In certain aspects, the bioactive agent is an anti-inflammatory agent, a chemotherapeutic agent, a radiotherapeutic, an additional therapeutic agent, or an immunosuppressive agent.

Suitable chemotherapeutic bioactive agents include, but are not limited to, a radioactive molecule, a toxin, also referred to as cytotoxin or cytotoxic agent, which includes any agent that is detrimental to the viability of cells, and liposomes or other vesicles containing chemotherapeutic compounds. General anticancer pharmaceutical agents include: Vincristine (Oncovin®) or liposomal vincristine (Marqibo®), Daunorubicin (daunomycin or Cerubidine®) or doxorubicin (Adriamycin®), Cytarabine (cytosine arabinoside, ara-C, or Cytosar®), L-asparaginase (Elspar®) or PEG-L-asparaginase (pegaspargase or Oncaspar®), Etoposide (VP-16), Teniposide (Vumon®), 6-mercaptopurine (6-MP or Purinethol®), Methotrexate, Cyclophosphamide (Cytoxan®), Prednisone, Dexamethasone (Decadron), imatinib (Gleevec®), dasatinib (Sprycel®), nilotinib (Tasigna®), bosutinib (Bosulif®), and ponatinib (Iclusig™). Examples of additional suitable chemotherapeutic agents include but are not limited to 1-dehydrotestosterone, 5-fluorouracil decarbazine, 6-mercaptopurine, 6-thioguanine, actinomycin D, adriamycin, aldesleukin, an alkylating agent, allopurinol sodium, altretamine, amifostine, anastrozole, anthramycin (AMC)), an anti-mitotic agent, cis-dichlorodiamine platinum (II) (DDP) cisplatin), diamino dichloro platinum, anthracycline, an antibiotic, an antimetabolite, asparaginase, BCG live (intravesical), betamethasone sodium phosphate and betamethasone acetate, bicalutamide, bleomycin sulfate, busulfan, calcium leucouorin, calicheamicin, capecitabine, carboplatin, lomustine (CCNU), carmustine (BSNU), Chlorambucil, Cisplatin, Cladribine, Colchicin, conjugated estrogens, Cyclophosphamide, Cyclothosphamide, Cytarabine, Cytarabine, cytochalasin B, Cytoxan, Dacarbazine, Dactinomycin, dactinomycin (formerly actinomycin), daunirubicin HCL, daunorucbicin citrate, denileukin diftitox, Dexrazoxane, Dibromomannitol, dihydroxy anthracin dione, Docetaxel, dolasetron mesylate, doxorubicin HCL, dronabinol, E. coli L-asparaginase, emetine, epoetin-α, Envinia L-asparaginase, esterified estrogens, estradiol, estramustine phosphate sodium, ethidium bromide, ethinyl estradiol, etidronate, etoposide citrororum factor, etoposide phosphate, filgrastim, floxuridine, fluconazole, fludarabine phosphate, fluorouracil, flutamide, folinic acid, gemcitabine HCL, glucocorticoids, goserelin acetate, gramicidin D, granisetron HCL, hydroxyurea, idarubicin HCL, ifosfamide, interferon α-2b, irinotecan HCL, letrozole, leucovorin calcium, leuprolide acetate, levamisole HCL, lidocaine, lomustine, maytansinoid, mechlorethamine HCL, medroxyprogesterone acetate, megestrol acetate, melphalan HCL, mercaptipurine, mesna, methotrexate, methyltestosterone, mithramycin, mitomycin C, mitotane, mitoxantrone, nilutamide, octreotide acetate, ondansetron HCL, paclitaxel, pamidronate disodium, pentostatin, pilocarpine HCL, plimycin, polifeprosan 20 with carmustine implant, porfimer sodium, procaine, procarbazine HCL, propranolol, rituximab, sargramostim, streptozotocin, tamoxifen, taxol, teniposide, tenoposide, testolactone, tetracaine, thioepa chlorambucil, thioguanine, thiotepa, topotecan HCL, toremifene citrate, trastuzumab, tretinoin, valrubicin, vinblastine sulfate, vincristine sulfate, and vinorelbine tartrate.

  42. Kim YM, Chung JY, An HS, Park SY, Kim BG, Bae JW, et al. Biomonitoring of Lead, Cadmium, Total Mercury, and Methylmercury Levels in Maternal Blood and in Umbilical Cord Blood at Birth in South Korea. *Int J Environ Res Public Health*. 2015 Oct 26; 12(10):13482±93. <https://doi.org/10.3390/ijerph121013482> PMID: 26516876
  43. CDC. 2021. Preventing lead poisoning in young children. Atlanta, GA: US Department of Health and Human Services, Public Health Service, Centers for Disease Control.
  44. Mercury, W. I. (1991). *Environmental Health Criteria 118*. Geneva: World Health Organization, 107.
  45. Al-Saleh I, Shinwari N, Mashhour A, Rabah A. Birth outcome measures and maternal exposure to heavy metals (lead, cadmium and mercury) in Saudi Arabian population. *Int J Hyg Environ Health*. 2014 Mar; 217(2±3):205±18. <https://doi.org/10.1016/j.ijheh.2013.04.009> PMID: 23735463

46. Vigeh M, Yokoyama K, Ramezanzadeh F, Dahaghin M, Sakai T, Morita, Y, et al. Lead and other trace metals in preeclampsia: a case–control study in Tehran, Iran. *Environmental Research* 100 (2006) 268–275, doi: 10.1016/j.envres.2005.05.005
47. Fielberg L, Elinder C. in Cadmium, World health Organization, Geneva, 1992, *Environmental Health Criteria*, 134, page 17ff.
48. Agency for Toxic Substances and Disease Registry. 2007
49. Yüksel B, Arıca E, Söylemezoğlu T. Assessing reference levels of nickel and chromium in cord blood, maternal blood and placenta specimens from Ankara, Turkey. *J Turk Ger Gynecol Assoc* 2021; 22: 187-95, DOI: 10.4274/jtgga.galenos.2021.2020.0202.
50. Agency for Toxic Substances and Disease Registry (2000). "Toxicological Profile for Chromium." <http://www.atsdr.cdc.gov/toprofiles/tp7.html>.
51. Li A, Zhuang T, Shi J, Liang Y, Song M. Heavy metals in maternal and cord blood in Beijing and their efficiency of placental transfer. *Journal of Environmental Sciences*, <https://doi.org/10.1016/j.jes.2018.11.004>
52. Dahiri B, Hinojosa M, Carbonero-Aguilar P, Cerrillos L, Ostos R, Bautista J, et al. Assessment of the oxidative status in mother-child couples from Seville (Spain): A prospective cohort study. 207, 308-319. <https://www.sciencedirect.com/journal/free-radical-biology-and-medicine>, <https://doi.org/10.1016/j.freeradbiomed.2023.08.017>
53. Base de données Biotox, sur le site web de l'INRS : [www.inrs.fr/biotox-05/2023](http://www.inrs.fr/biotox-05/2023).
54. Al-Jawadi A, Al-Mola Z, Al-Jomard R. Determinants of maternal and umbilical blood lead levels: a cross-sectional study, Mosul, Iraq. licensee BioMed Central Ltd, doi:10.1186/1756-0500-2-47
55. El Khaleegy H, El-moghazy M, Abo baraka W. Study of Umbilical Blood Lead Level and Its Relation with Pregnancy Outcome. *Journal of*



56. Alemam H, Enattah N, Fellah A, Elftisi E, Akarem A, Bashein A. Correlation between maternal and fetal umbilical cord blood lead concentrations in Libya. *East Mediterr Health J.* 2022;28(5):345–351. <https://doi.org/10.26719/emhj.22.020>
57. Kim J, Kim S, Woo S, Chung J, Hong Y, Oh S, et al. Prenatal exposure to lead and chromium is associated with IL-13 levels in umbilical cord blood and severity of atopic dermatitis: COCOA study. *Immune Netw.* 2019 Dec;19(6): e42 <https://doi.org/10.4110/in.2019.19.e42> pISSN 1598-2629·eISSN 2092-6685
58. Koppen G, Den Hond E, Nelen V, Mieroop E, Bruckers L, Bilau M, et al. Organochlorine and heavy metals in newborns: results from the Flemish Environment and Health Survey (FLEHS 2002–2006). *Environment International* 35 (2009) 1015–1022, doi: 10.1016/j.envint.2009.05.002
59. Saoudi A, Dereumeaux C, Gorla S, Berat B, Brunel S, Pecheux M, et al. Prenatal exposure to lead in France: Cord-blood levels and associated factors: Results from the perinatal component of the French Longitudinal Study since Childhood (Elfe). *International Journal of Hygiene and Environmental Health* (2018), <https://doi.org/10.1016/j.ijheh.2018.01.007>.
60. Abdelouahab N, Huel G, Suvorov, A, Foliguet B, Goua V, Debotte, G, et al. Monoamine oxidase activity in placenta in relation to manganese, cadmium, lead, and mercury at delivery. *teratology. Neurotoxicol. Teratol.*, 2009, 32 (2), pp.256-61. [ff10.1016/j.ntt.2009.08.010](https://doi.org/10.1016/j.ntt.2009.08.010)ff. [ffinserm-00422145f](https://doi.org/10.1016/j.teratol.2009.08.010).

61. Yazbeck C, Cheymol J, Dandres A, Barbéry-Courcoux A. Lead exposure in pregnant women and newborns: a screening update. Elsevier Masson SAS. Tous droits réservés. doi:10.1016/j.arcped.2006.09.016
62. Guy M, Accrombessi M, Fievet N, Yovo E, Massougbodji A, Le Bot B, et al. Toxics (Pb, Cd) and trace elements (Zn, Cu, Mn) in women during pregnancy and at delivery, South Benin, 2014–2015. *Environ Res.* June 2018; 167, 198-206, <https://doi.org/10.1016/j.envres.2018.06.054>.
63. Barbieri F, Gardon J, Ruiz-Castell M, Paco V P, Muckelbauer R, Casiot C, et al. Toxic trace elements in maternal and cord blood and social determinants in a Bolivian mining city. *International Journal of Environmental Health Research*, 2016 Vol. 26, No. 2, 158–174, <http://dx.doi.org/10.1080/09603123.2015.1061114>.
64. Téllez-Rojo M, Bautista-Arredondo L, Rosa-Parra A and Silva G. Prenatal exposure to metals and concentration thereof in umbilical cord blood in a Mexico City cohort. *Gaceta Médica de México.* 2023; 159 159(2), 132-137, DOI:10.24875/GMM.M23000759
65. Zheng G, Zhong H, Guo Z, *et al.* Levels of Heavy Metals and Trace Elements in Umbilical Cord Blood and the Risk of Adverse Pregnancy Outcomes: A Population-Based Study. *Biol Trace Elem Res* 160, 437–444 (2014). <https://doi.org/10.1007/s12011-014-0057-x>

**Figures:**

Additional therapeutic agents that can be administered in combination with a degronimer disclosed herein can include bevacizumab, sutinib, sorafenib, 2-methoxyestradiol or 2ME2, finasunate, vatalanib, vandetanib, aflibercept, volociximab, etaracizumab (MEDI-522), cilengitide, erlotinib, cetuximab, panitumumab, gefitinib, trastuzumab, dovitinib, figitumumab, atacicept, rituximab, alemtuzumab, aldesleukine, atlizumab, tocilizumab, temsirolimus, everolimus, lucatumumab, dacetuzumab, HLL1, huN901-DM1, atiprimod, natalizumab, bortezomib, carfilzomib, marizomib, tanespimycin, saquinavir mesylate, ritonavir, nelfinavir mesylate, indinavir sulfate, belinostat, panobinostat, mapatumumab, lexatumumab, dulanermin, ABT-737, oblimersen, plitidepsin, talmapimod, P276-00, enzastaurin, tipifarnib, perifosine, imatinib, dasatinib, lenalidomide, thalidomide, simvastatin, celecoxib, bazedoxifene, AZD4547, rilotumumab, oxaliplatin (Eloxatin), PD0332991, ribociclib (LEE011), amebaciclib (LY2835219), HDM201, fulvestrant (Faslodex), exemestane (Aromasin), PIM447, ruxolitinib (INC424), BGJ398, necitumumab, pemetrexed (Alimta), and ramucirumab (IMC-1121B).